Despite their initial reluctance to fund the renovation, Kansas Citians never considered demolishing Union Station. The building was intricately woven into their history and, even when it fell into disuse and underwent unsuccessful attempts at modernization, it retained its cache. (According to an article in Trains, Kansas Citians gathered at Union Station to celebrate the end of World War II.)
Over the years, a number of reuse plans faltered, and a Canadian firm with redevelopment notions bought the station in 1974. When nothing – except construction of an office building that split the station in half – came of the firm’s efforts, the city sued for possession of the station. Under a settlement, the company conveyed the station to USAC. With renovation nearly complete, the science museum is scheduled to open in the fall.
All aboard Local voters also helped save Cincinnati’s Union Terminal, a beautiful Art Deco station that had been unsuccessfully converted into a shopping center. The architecturally significant station was dying when a Save the Terminal campaign resurrected it with the idea that its half-million square feet of space would be ideal for a museum.
In May 1986, Hamilton County voters approved issuance of $33 million worth of general obligation bonds specifically for the renovation of the terminal. State and city grants, individual contributions and money from private companies and foundations filled financing gaps.
In 1990, the Museum Center at Union Terminal opened. Home to the Cincinnati Historical Society Museum and Library, the Cincinnati Museum of Natural History, the Cinergy Children’s Museum, and the Robert D. Lindner Family Omnimax Theater, the center was named one of the top 10 new tourist attractions in the United States by the Austin, Texas-based Weissmann Travel Reports in 1991. Currently, it attracts more than 1 million visitors each year.
It took Cincinnati and Kansas City years to get their train restoration projects off the ground. However, in Omaha, Neb., there was little question about the re-birth of the city’s Union Station.
A classic Art Deco building, the station closed to passenger travel in 1972. Its builder, Union Pacific Railroad, donated the station to the city, and the landmark reopened in 1975 as the Western Heritage Museum. (“Durham” was added to the name later to honor a locally prominent family that had provided significant financing for the renovation.) The museum features a railroad exhibit that includes everything from rail cars to a 70-foot-long model train layout that portrays the trip from Omaha to Deadwood, S.D.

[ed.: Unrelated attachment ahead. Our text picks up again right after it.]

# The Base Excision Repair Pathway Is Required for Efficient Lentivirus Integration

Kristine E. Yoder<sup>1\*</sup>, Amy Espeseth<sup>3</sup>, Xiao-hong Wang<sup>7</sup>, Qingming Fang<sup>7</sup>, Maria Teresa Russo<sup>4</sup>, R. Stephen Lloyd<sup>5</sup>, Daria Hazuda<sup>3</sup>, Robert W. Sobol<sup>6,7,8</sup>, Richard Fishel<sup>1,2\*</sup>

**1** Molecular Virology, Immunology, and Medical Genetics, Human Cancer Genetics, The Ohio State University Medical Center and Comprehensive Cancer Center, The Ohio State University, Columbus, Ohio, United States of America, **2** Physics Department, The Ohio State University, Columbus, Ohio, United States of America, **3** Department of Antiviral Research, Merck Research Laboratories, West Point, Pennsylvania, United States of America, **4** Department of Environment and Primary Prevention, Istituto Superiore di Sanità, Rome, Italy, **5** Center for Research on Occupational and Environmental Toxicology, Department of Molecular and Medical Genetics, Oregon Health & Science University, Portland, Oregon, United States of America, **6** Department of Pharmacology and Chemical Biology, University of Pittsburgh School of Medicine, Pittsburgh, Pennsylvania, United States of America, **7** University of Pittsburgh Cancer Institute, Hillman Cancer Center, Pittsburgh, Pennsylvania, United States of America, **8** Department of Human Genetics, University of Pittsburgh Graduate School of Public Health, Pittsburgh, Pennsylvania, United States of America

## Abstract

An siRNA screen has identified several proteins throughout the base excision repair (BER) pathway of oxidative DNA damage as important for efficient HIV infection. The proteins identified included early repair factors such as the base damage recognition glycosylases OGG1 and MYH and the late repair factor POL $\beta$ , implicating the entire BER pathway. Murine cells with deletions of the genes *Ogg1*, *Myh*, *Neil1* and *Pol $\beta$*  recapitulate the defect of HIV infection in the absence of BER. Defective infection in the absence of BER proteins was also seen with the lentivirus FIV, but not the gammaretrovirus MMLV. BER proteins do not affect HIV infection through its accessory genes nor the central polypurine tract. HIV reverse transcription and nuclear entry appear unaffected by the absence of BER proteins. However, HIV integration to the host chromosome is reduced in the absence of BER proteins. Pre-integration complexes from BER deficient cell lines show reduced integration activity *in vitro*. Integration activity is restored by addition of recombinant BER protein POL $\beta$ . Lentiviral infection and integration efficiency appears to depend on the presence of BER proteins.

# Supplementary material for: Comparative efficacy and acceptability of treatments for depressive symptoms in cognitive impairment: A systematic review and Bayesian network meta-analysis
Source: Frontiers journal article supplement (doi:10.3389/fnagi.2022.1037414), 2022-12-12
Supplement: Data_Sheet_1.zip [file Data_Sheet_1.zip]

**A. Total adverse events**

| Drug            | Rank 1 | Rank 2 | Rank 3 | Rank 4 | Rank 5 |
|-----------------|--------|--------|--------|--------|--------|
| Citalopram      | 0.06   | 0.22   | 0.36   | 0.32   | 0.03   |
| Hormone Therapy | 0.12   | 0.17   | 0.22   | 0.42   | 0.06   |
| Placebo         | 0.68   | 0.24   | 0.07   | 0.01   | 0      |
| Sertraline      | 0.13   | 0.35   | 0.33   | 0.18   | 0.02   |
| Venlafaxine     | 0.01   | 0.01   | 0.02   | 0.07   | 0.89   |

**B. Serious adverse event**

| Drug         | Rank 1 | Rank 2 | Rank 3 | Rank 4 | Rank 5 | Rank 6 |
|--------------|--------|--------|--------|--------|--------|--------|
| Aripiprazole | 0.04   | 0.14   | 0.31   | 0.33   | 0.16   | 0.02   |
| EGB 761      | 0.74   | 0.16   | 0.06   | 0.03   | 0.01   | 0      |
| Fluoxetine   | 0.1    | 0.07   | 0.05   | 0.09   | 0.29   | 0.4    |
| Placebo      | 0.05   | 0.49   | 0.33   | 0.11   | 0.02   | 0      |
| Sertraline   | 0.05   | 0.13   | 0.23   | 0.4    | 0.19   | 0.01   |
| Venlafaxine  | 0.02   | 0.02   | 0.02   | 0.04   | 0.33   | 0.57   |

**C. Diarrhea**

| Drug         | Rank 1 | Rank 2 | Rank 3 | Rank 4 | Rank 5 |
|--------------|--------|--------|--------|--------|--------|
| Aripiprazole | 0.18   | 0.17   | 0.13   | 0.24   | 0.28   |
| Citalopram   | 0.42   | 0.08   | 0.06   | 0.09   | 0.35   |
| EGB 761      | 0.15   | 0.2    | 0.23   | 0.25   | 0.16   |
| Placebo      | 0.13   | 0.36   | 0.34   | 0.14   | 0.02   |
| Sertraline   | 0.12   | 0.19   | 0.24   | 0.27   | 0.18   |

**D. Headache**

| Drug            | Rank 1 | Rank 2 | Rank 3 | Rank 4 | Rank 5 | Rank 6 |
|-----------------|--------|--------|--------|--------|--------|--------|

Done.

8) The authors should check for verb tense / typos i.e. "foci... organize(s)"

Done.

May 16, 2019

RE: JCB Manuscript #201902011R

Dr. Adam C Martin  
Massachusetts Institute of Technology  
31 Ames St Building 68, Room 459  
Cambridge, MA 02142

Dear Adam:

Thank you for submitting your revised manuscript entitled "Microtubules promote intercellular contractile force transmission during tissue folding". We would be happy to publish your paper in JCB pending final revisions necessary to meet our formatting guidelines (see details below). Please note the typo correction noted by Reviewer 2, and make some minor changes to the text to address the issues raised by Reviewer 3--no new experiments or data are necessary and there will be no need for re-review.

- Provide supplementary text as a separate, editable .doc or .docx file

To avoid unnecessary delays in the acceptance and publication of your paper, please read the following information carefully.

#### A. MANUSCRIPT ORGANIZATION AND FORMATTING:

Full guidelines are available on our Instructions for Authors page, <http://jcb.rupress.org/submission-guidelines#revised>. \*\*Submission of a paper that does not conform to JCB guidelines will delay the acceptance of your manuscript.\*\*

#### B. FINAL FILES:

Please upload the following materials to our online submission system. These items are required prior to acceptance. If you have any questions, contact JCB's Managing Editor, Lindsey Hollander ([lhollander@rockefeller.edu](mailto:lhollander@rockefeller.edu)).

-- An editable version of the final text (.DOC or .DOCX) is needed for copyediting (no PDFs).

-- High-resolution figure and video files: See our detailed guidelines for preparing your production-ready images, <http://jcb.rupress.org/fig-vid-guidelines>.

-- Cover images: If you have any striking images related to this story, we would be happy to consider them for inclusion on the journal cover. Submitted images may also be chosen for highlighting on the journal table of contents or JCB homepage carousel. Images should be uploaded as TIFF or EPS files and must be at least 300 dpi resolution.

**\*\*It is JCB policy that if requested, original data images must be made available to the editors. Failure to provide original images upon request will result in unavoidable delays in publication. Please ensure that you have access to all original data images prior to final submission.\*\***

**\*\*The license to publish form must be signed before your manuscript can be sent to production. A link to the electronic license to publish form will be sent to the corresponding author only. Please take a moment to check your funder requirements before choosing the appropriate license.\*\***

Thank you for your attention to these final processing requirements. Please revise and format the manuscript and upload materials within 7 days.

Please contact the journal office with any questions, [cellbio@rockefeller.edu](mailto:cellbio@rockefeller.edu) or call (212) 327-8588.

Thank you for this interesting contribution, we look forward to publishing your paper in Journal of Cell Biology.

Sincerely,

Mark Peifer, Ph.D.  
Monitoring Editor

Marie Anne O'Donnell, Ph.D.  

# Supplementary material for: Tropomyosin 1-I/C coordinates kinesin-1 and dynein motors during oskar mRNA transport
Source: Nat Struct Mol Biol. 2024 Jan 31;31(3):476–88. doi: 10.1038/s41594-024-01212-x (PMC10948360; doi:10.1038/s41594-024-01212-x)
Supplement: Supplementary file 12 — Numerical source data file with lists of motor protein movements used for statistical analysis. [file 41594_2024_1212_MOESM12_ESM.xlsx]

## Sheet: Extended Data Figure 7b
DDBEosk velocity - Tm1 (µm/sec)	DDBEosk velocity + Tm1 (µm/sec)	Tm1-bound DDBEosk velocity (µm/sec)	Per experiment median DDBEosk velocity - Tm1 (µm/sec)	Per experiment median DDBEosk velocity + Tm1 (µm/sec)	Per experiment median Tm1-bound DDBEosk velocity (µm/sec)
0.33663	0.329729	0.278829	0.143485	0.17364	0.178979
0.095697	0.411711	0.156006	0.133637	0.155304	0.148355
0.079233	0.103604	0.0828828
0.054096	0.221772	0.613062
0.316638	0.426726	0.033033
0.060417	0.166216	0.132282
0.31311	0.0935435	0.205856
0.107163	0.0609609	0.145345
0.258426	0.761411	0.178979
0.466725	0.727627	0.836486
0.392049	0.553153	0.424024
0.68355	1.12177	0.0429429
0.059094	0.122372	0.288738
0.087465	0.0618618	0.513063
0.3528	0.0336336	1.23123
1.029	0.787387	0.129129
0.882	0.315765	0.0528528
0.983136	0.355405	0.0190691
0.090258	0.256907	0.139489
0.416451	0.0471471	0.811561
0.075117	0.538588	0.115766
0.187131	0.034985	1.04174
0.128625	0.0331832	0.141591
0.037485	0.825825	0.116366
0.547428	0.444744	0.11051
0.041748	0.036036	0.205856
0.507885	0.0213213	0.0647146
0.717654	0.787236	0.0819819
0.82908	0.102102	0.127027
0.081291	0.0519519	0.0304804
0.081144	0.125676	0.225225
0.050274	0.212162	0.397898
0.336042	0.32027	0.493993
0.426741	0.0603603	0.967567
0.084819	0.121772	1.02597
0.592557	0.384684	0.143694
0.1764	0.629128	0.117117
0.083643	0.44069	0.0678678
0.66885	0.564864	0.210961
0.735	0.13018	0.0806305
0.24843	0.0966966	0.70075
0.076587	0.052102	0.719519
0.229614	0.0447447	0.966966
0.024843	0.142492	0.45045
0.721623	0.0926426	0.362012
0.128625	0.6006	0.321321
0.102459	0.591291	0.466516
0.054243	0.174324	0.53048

Pulling in the private sector As in Omaha, private funding was key to the successful restoration of Union Station in Albany, N.Y., which now serves as “the most expensive building per square foot in the Fleet Bank empire,” according to Fleet spokesperson Karl Felsen. (It is difficult to transform train stations into commercial space because of the tremendous amount of open area, which in the business world is considered dead space.)
The station, which opened in 1900 and closed 68 years later, was failing fast, according to Felsen. Trees were growing in the roof, which had long since been stripped of its copper overlay, when local banker Peter Kiernan rescued it. The Peter D. Kiernan Plaza, as the station is now called, suffered the failure of countless reuse proposals. Despite the best efforts of the late Albany mayor, Erastus Corning, Union Station looked doomed.
Then, in 1984, a plan to convert the facility into a bank was floated. The station reopened in 1986 after a meticulous renovation, during which contractors raised the building’s marble floor to install a technology center beneath it. “Technology and history can be wedded together if you’re ambitious and clever enough,” Felsen notes.
Local and private money also figured significantly in the renovation of St. Louis’ Union Station, perhaps one of the best examples of reuse in the country, according to McGonigal. The Romanesque station, which openedin 1894 as the largest single-level passenger rail terminal in the world and closed in 1978, is now a mixed-use development that includes a mall and the Hyatt Regency at Union Station.
Restoration of St. Louis’ train station was headed up by The Rouse Co., a Columbia, Md.-based urban renovation specialist. When it was completed in 1985, the $150 million project was the largest adaptive reuse project in the United States.
Building works of art Naturally, the price tag for station renovation dwarfs the original construction costs. However, those were not insignificant. The $6.5 million construction cost for St. Louis’ station was considered astronomical for its day. And it was the rule, rather than the exception.
Built largely by the railroads – the most lucrative businesses of the late 1880s – the stations were not designed to be merely functional. They were looked on as the public face of the railroads; thus, the railroad magnates determined that they would be works of art.